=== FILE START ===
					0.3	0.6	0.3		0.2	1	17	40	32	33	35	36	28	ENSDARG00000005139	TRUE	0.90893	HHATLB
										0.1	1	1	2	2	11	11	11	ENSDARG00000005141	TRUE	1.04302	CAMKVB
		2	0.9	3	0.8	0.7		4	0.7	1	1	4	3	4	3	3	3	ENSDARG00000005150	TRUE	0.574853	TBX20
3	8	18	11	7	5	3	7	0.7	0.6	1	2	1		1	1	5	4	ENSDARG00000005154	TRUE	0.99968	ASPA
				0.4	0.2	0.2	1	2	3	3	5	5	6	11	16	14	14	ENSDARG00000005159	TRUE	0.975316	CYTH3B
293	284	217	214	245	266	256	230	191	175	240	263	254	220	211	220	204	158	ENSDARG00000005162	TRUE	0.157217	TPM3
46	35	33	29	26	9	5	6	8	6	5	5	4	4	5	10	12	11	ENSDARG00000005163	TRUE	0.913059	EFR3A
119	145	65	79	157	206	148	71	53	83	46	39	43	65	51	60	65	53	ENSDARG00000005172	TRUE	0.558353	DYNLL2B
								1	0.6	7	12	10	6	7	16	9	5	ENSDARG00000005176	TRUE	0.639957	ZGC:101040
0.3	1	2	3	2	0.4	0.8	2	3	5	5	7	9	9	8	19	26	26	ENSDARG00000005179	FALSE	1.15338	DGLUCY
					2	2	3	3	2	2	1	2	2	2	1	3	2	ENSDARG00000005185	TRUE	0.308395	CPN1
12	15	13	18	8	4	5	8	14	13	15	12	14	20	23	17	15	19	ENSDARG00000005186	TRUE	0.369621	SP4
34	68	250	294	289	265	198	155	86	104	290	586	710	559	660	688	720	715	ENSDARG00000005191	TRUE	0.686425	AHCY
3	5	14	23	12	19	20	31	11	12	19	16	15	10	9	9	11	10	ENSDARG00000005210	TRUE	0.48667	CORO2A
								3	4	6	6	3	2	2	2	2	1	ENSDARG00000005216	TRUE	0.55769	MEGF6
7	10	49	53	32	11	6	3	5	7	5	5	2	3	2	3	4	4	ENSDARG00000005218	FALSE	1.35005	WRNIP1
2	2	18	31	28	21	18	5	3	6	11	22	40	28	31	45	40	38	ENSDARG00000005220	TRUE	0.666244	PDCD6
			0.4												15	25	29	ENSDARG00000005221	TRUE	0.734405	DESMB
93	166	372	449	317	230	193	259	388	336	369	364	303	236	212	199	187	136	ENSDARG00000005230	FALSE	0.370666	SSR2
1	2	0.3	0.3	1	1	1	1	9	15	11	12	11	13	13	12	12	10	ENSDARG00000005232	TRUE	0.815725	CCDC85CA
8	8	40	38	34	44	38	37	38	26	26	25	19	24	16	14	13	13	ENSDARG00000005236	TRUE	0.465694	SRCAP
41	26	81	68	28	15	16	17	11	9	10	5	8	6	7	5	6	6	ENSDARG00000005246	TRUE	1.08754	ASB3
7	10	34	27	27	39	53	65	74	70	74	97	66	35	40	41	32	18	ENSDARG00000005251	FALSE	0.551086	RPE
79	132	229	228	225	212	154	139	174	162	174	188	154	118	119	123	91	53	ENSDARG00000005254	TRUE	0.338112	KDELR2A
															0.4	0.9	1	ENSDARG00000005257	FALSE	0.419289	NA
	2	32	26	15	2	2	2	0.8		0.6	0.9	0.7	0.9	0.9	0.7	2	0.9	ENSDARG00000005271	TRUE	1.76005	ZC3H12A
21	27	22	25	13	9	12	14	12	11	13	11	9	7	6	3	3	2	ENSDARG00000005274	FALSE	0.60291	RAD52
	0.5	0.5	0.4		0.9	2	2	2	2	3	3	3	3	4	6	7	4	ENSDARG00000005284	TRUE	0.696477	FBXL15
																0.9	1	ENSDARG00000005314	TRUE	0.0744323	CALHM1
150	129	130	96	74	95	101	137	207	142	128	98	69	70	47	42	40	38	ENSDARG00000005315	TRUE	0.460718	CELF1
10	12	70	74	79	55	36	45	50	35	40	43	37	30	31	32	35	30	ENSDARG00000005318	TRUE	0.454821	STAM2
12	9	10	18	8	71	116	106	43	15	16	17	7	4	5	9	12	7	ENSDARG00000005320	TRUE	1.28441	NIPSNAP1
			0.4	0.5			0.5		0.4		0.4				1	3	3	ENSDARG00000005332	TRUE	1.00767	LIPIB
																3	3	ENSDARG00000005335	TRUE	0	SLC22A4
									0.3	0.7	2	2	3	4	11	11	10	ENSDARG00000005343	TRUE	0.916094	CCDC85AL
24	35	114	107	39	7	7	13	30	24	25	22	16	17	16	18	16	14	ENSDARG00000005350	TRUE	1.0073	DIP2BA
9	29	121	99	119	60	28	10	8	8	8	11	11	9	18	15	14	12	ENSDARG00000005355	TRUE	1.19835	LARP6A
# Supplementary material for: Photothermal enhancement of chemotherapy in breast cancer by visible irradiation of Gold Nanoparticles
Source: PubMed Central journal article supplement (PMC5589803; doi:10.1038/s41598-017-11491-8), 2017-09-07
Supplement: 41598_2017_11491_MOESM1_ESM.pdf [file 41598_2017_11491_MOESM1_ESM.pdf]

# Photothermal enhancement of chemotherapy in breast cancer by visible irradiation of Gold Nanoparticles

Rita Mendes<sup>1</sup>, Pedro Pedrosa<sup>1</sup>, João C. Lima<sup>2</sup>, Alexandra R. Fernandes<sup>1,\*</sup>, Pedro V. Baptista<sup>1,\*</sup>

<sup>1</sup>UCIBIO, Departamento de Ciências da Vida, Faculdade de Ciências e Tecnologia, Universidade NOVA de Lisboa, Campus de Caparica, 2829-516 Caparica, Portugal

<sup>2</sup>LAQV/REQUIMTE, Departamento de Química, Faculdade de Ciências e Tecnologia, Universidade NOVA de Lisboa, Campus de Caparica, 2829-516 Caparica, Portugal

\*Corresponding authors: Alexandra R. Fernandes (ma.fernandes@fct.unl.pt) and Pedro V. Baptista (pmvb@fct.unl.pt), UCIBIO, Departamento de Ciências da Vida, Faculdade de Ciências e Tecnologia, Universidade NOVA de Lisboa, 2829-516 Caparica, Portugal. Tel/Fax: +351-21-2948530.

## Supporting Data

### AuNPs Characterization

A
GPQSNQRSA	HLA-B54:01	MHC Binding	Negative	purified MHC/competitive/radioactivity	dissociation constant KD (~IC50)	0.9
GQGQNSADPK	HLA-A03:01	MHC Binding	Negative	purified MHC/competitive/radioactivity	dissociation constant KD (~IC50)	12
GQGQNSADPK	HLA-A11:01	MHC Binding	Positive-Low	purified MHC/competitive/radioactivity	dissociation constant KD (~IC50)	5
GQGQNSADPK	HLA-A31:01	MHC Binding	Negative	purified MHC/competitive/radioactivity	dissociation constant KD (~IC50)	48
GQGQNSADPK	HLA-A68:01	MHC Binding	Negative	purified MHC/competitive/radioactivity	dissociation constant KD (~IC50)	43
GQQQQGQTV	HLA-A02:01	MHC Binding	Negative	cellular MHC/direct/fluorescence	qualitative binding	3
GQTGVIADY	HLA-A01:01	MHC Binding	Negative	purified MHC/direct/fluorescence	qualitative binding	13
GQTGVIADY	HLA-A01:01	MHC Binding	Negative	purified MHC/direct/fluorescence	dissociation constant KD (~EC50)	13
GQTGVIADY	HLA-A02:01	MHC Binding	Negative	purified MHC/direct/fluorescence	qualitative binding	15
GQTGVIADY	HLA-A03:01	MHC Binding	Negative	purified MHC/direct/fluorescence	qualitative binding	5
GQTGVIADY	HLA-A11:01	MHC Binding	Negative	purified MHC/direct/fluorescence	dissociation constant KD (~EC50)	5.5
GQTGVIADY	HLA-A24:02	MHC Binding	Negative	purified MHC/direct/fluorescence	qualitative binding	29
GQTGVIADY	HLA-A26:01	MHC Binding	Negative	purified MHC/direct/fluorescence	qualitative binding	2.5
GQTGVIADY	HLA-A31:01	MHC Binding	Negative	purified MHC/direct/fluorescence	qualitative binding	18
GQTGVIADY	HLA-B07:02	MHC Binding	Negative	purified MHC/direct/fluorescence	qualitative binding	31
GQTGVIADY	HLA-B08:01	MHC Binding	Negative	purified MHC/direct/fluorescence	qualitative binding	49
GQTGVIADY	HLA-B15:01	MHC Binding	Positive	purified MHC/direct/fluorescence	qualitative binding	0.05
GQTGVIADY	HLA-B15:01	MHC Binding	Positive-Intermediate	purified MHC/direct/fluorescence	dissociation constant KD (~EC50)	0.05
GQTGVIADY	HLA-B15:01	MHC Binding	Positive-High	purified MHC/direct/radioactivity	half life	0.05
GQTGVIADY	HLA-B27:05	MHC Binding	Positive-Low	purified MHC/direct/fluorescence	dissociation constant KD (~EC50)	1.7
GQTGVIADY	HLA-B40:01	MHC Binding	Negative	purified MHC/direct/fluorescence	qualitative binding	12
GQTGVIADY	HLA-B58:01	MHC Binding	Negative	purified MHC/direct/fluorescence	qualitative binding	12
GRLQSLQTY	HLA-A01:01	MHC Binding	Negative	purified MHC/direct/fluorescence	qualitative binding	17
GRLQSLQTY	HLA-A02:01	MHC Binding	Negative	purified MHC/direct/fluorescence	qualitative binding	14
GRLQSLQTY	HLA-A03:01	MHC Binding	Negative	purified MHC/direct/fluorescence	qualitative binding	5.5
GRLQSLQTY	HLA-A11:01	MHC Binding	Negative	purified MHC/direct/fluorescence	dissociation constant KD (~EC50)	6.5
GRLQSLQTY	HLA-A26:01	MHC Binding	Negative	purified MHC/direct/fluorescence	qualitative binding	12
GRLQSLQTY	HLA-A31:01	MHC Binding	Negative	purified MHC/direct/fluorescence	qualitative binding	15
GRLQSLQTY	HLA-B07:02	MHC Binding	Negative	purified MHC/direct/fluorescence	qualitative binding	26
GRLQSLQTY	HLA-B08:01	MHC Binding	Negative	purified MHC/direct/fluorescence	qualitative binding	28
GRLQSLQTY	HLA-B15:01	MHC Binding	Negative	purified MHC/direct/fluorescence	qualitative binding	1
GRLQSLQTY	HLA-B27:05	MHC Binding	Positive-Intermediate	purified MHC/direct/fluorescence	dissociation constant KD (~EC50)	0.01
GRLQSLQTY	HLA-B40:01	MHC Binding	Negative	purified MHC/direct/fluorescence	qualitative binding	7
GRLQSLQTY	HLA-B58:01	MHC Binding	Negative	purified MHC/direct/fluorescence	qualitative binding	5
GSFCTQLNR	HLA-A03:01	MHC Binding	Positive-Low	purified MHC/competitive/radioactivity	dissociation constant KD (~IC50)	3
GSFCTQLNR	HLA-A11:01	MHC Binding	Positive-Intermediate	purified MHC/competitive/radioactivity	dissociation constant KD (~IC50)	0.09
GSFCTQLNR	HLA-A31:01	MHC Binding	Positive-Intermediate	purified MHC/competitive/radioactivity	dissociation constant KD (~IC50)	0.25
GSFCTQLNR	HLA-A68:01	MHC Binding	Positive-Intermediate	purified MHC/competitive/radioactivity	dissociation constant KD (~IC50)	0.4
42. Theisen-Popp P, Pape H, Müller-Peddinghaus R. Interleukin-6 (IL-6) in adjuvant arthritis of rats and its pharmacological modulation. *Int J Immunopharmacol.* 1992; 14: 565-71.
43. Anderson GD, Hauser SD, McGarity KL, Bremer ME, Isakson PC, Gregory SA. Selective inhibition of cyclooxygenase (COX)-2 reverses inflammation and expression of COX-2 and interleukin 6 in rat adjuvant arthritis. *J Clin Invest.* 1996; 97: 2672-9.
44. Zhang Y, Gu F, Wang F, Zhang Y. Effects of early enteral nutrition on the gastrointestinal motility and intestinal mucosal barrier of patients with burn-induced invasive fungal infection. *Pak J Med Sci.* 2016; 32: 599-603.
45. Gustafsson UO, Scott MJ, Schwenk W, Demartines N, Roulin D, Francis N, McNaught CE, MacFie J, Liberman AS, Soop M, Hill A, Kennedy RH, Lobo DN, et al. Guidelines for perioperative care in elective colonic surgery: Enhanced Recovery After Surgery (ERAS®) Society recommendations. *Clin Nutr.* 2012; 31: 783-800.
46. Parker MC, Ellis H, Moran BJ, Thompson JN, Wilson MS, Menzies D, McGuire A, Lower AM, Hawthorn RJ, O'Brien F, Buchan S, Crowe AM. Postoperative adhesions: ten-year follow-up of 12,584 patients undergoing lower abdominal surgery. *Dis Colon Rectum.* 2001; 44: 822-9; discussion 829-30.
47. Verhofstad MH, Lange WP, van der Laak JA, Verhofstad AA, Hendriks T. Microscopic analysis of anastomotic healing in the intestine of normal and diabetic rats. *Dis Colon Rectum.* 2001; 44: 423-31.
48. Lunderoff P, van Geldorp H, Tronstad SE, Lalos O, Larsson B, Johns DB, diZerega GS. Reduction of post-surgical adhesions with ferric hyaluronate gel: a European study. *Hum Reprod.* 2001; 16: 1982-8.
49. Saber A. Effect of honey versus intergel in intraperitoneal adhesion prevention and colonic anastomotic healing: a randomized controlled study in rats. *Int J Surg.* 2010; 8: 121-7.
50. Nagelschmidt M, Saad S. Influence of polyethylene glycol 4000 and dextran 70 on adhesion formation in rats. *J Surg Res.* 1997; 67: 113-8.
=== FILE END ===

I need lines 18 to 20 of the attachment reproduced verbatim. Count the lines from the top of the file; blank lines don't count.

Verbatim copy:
			0.4												15	25	29	ENSDARG00000005221	TRUE	0.734405	DESMB
93	166	372	449	317	230	193	259	388	336	369	364	303	236	212	199	187	136	ENSDARG00000005230	FALSE	0.370666	SSR2
1	2	0.3	0.3	1	1	1	1	9	15	11	12	11	13	13	12	12	10	ENSDARG00000005232	TRUE	0.815725	CCDC85CA